It is striking that the writing of abolitionists in the early days of the Civil War often are zealously insightful. Despite being largely reviled figures at the time, even in the North, they had the best handle on what the nascent conflict was really about and what it would become.
A good example is a column by William Lloyd Garrison that appeared in the May 3, 1861 edition of The Liberator, under the title, “The War–Its Cause and Cure.” After bemoaning that the Founding Fathers had betrayed the principles of the American Revolution by not ending slavery, Garrison criticized the sentiment in the North common in early May 1861 that the conflict should be exclusively about preserving the Union. He wrote:
What shall be said, then, of those who insist upon ignoring the question of slavery as not involved in this deadly feud, and maintain that the only issue is, the support of the government and the preservation of the Union? Surely, they are “fools and blind”; for it is slaveholders alone who have conspired to seize the one, and overturn the other. As long as the enslavement of a single human being is sanctioned in the land, the curse of God will rest upon it. That it may go well with us, let us break every yoke!
Hence, Garrison asserted that peace could not be restored, or at very least maintained after peace was restored forcibly, without an end to slavery. He editorialized:
It alters nothing to say, that the South is guilty of unparalleled perfidy and treason. Granted! But why overlook the cause of all this? That cause is SLAVERY! If that be not removed, how is it possible to escape the consequences? Suppose we succeed in “conquering a peace,” leaving things as they were; in due time, a still more fearful volcanic explosion will follow.
William Lloyd Garrison believed that no more peaceable nationhood was possible between the free and slave states. Hence, he contended the war should continue until slavery was destroyed completely or that a permanent separation of North and South take place. Garrison clearly preferred the former alternative, seeing the Civil War even in its early days as an unprecedented opportunity to effect emancipation. He wrote:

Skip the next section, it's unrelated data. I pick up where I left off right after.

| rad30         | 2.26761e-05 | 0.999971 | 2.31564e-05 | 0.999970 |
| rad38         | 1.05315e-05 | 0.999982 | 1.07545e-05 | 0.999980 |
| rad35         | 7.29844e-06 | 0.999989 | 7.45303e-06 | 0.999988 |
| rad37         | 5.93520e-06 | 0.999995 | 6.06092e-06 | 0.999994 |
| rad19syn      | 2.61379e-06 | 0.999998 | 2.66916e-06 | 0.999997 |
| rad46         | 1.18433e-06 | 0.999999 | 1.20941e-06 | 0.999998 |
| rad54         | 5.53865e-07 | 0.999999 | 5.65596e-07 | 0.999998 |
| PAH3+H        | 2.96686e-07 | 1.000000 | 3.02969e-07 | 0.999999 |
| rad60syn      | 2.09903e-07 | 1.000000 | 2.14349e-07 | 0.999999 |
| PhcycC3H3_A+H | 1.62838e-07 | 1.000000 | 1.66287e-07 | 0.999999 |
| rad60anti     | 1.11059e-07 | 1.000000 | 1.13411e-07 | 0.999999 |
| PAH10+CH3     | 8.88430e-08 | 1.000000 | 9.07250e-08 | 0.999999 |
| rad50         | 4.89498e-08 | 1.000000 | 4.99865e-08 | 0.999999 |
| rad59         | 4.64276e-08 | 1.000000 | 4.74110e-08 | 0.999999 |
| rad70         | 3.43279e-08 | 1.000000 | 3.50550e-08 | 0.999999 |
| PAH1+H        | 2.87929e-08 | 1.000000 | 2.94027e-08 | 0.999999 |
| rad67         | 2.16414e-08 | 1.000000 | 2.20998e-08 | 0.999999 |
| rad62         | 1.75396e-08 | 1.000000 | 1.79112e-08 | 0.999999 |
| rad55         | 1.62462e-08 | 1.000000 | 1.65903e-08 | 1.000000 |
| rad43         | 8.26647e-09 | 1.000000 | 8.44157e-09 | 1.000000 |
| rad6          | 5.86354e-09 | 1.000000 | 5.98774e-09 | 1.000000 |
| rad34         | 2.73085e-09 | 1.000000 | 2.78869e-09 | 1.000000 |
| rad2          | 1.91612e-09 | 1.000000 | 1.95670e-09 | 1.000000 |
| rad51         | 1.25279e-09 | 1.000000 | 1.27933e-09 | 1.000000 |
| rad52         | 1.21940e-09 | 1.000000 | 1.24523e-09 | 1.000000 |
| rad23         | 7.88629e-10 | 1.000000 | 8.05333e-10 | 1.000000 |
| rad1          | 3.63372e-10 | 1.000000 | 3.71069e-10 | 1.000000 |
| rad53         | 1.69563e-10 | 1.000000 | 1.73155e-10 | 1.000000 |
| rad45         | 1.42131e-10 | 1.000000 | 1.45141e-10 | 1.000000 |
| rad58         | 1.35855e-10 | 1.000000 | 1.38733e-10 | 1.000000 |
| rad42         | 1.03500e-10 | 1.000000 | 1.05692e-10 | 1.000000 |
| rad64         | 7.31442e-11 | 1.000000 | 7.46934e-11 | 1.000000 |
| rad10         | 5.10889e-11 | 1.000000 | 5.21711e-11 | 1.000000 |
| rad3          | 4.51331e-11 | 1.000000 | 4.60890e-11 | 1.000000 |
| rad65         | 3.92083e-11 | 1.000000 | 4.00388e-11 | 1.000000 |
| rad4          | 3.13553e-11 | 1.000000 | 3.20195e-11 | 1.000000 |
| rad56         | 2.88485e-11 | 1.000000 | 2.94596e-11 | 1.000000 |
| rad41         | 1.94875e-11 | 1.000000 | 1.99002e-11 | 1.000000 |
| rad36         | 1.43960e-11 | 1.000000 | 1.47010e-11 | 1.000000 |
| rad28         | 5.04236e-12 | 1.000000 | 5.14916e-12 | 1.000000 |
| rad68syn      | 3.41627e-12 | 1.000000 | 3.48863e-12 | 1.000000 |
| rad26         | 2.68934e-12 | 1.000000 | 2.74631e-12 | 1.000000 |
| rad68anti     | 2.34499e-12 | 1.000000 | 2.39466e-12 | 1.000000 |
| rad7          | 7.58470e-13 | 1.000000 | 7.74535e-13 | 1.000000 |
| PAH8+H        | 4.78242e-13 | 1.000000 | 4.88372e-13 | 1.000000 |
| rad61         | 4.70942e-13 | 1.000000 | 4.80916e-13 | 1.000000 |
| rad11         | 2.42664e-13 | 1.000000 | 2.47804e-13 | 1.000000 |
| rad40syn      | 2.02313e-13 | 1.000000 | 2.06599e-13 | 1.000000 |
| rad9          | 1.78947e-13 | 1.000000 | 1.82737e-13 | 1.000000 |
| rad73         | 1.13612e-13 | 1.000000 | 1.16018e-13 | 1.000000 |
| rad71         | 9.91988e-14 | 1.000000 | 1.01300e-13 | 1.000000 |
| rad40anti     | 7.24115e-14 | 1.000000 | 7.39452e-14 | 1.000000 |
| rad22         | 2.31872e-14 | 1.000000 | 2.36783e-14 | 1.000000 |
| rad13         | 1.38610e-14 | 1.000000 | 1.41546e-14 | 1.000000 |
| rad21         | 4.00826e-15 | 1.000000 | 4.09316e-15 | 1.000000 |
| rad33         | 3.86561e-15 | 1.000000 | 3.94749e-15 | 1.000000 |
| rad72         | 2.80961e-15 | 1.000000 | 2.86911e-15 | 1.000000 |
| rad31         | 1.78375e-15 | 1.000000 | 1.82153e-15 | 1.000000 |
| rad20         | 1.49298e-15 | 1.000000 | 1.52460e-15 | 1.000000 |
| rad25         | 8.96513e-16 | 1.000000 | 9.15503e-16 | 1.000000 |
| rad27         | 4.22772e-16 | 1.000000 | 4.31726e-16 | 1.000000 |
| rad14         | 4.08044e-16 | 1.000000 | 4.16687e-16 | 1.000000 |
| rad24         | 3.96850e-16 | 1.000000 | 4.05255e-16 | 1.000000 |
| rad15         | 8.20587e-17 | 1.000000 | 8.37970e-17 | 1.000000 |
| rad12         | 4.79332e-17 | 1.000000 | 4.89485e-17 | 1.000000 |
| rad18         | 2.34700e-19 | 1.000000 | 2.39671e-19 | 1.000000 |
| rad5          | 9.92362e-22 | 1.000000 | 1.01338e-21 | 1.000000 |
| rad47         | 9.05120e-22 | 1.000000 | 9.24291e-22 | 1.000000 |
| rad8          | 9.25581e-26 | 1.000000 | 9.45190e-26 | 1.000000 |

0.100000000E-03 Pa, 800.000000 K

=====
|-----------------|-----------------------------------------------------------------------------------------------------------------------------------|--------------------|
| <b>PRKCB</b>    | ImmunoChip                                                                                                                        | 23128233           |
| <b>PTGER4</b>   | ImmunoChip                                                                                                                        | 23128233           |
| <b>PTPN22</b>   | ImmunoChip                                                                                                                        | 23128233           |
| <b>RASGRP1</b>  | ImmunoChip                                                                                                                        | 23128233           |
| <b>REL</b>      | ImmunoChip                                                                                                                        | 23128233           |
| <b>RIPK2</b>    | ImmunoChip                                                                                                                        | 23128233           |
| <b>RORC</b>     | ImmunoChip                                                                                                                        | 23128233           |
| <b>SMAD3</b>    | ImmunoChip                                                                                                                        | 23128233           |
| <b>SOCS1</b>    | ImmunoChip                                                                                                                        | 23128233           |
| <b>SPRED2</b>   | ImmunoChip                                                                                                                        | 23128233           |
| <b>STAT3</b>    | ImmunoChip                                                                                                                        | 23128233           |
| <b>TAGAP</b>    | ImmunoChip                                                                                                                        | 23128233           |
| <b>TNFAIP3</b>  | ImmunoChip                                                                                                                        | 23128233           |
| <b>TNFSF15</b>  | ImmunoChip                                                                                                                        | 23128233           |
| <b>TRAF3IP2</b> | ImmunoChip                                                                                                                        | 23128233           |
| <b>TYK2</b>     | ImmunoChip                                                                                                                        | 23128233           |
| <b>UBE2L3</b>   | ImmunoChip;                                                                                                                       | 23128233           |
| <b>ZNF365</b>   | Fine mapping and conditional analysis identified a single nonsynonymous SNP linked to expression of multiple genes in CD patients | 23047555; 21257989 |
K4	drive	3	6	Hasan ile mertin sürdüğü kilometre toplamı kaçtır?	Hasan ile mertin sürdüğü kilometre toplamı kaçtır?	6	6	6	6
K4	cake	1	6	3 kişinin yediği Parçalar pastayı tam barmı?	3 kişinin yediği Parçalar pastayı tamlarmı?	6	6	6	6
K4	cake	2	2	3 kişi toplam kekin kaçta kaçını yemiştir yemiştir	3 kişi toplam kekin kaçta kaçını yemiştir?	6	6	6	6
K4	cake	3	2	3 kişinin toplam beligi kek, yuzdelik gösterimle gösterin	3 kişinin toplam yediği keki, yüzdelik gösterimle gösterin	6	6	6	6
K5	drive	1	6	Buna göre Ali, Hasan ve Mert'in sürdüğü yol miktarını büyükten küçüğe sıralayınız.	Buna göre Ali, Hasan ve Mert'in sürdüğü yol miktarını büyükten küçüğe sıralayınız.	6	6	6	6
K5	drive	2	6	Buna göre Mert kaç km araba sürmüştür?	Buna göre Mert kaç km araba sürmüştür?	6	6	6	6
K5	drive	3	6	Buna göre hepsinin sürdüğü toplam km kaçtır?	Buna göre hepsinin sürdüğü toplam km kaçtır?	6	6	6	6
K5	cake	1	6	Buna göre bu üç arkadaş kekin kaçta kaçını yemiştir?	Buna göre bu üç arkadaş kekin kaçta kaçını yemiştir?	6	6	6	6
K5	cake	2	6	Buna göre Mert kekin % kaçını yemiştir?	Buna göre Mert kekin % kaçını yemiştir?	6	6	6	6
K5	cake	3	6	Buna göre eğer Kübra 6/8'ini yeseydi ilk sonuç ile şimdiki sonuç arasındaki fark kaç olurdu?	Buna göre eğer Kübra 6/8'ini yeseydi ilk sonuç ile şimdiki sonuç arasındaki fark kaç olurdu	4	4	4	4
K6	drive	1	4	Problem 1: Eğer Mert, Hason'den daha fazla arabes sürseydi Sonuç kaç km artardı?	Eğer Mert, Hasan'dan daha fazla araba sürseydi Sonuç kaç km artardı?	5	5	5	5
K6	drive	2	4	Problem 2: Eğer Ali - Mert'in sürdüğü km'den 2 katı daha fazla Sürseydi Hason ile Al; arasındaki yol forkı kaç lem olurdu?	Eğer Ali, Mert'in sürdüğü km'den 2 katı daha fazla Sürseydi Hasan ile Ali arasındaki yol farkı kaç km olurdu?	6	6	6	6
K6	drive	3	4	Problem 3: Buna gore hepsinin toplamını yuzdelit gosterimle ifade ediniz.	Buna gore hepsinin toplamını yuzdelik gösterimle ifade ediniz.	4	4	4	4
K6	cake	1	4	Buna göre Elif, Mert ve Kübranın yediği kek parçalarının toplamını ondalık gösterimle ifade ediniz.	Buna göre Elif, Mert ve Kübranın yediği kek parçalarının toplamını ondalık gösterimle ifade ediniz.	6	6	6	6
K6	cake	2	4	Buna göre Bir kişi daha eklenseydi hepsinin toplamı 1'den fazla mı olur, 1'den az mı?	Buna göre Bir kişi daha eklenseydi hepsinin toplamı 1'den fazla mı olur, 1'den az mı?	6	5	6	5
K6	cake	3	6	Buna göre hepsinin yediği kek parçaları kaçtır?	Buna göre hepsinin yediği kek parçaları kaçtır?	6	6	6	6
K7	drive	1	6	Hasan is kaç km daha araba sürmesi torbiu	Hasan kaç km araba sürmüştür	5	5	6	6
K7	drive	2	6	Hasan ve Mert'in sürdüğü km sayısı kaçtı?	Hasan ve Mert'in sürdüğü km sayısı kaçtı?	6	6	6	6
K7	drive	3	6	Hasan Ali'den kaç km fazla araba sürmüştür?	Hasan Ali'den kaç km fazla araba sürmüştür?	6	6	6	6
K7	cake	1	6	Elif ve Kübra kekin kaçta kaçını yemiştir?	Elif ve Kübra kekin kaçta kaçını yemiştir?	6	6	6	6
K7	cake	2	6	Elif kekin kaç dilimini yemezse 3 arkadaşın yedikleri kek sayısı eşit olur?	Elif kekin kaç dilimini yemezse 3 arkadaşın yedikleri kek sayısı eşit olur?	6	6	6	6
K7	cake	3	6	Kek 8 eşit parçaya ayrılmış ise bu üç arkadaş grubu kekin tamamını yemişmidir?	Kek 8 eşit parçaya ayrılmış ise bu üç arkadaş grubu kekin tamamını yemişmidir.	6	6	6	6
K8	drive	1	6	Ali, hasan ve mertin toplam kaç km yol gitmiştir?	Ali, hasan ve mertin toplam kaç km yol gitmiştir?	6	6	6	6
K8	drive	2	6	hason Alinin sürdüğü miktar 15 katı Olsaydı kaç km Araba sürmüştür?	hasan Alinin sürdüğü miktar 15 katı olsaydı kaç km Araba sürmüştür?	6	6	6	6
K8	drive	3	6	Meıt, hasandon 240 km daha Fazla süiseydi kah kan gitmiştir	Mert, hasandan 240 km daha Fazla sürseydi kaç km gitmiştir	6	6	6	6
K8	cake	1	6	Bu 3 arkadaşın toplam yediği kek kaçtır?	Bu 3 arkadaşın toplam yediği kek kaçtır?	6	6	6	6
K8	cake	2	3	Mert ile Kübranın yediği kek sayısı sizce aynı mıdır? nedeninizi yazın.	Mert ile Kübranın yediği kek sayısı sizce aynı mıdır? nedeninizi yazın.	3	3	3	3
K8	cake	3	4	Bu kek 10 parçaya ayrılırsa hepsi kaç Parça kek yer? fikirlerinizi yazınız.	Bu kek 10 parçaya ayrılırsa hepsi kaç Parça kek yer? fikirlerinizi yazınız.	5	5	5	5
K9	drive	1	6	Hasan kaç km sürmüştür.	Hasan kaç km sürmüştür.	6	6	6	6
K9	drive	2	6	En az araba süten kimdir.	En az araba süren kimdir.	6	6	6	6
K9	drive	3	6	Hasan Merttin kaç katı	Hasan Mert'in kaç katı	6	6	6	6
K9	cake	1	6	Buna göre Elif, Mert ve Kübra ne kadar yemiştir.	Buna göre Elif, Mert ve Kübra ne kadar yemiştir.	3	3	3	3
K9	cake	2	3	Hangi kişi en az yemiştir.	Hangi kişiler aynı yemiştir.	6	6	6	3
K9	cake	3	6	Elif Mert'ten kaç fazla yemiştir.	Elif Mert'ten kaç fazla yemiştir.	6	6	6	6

Now, we solemnly maintain, that it is the most deplorable infatuation to aim to restore the old order of things. No blessing can attend it. God has frowned upon it, and, through judgment, provided a way of escape. Nothing is more clear than that an “irrepressible conflict” between slavery and freedom must continue. It is useless to deny that the Union is dissolved, and every slave State virtually in rebellion against the government. Let there be no more compromise. In humbling the Southern conspirators, let the government, UNDER THE WAR POWER, either proclaim emancipation to all in bondage, or else take measures for a final and complete separation between the free and slave States. Unquestionably, the former course would be justified by the exigencies of the country, and be the readiest way to bring the war to a close, and the traitors to terms. It would also be the greatest boon that could possibly be bestowed upon the South. But if this measure be deemed questionable, then for a free, independent Northern republic, leaving the South to her fate!
Out of the slave system comes this terrible civil war, with whatever ghastly horrors may follow in its train. So Divine Justice has ordered it, that both North and South may be scourged for their transcendant [sic] iniquity in tolerating such a system in the land. Is it not so, Mr. Edward Everett, Mr. Millard Fillmore, Mr. Franklin Pierce, Mr. Stephen Arnold Douglas—Democrats and Republicans all? Say, are they freemen or slaveholders who have perfidiously captured forts, arsenals, magazines, mints, revenue cutters, steamships, and custom-houses, and are now plotting the seizure of the Capital? Men of the North! is it not your mission, in this campaign, to make it possible for a free government and a glorious Union to exist, by decreeing the extinction of slavery as utterly antagonistical to both? No class of human beings living have such claims upon your sympathy, justice, and benevolent intervention, as the slaves of the South. No cause is so sacred as theirs. In Heaven’s name, do nothing to keep them longer in their chains! Do everything rightfully in your power those chains to sunder!
If this war shall put an end to that execrable system, it will be more glorious in history than that of the Revolution. If it shall leave it unscathed, and in full operation, —even though Southern treason may for a time be “crushed out,”—there will be nothing to look for but heavier judgments and an irrevocable doom! “For the sword of the Lord shall devour from the one end of the land to the other: no flesh shall have peace. . . . 0 house of David, thus saith the Lord, Execute judgment in the morning, and deliver him that is spoiled out of the hand of the oppressor, lest my fury go out like fire, and burn that none can quench it, BECAUSE OF THE EVIL OF YOUR DOINGS. . . . Undo the heavy burdens, break every yoke, and let the oppressed go free; then shalt thou be like a watered garden, and like a fountain whose waters fail not; and they that shall be of thee shall build the old waste places; thou shalt be called, THE REPAIRER OF THE BREACH, THE RESTORER OF PATHS TO DWELL IN.”
So clearly, William Lloyd Garrison in May 1861 saw slavery as the cause of the Civil War and emancipation as the only cure to end it and avoid renewed sectional conflict. His position was in a distinct minority then among white Northerners, but events in the first year of the war would increasingly convince other people in the free states of its wisdom.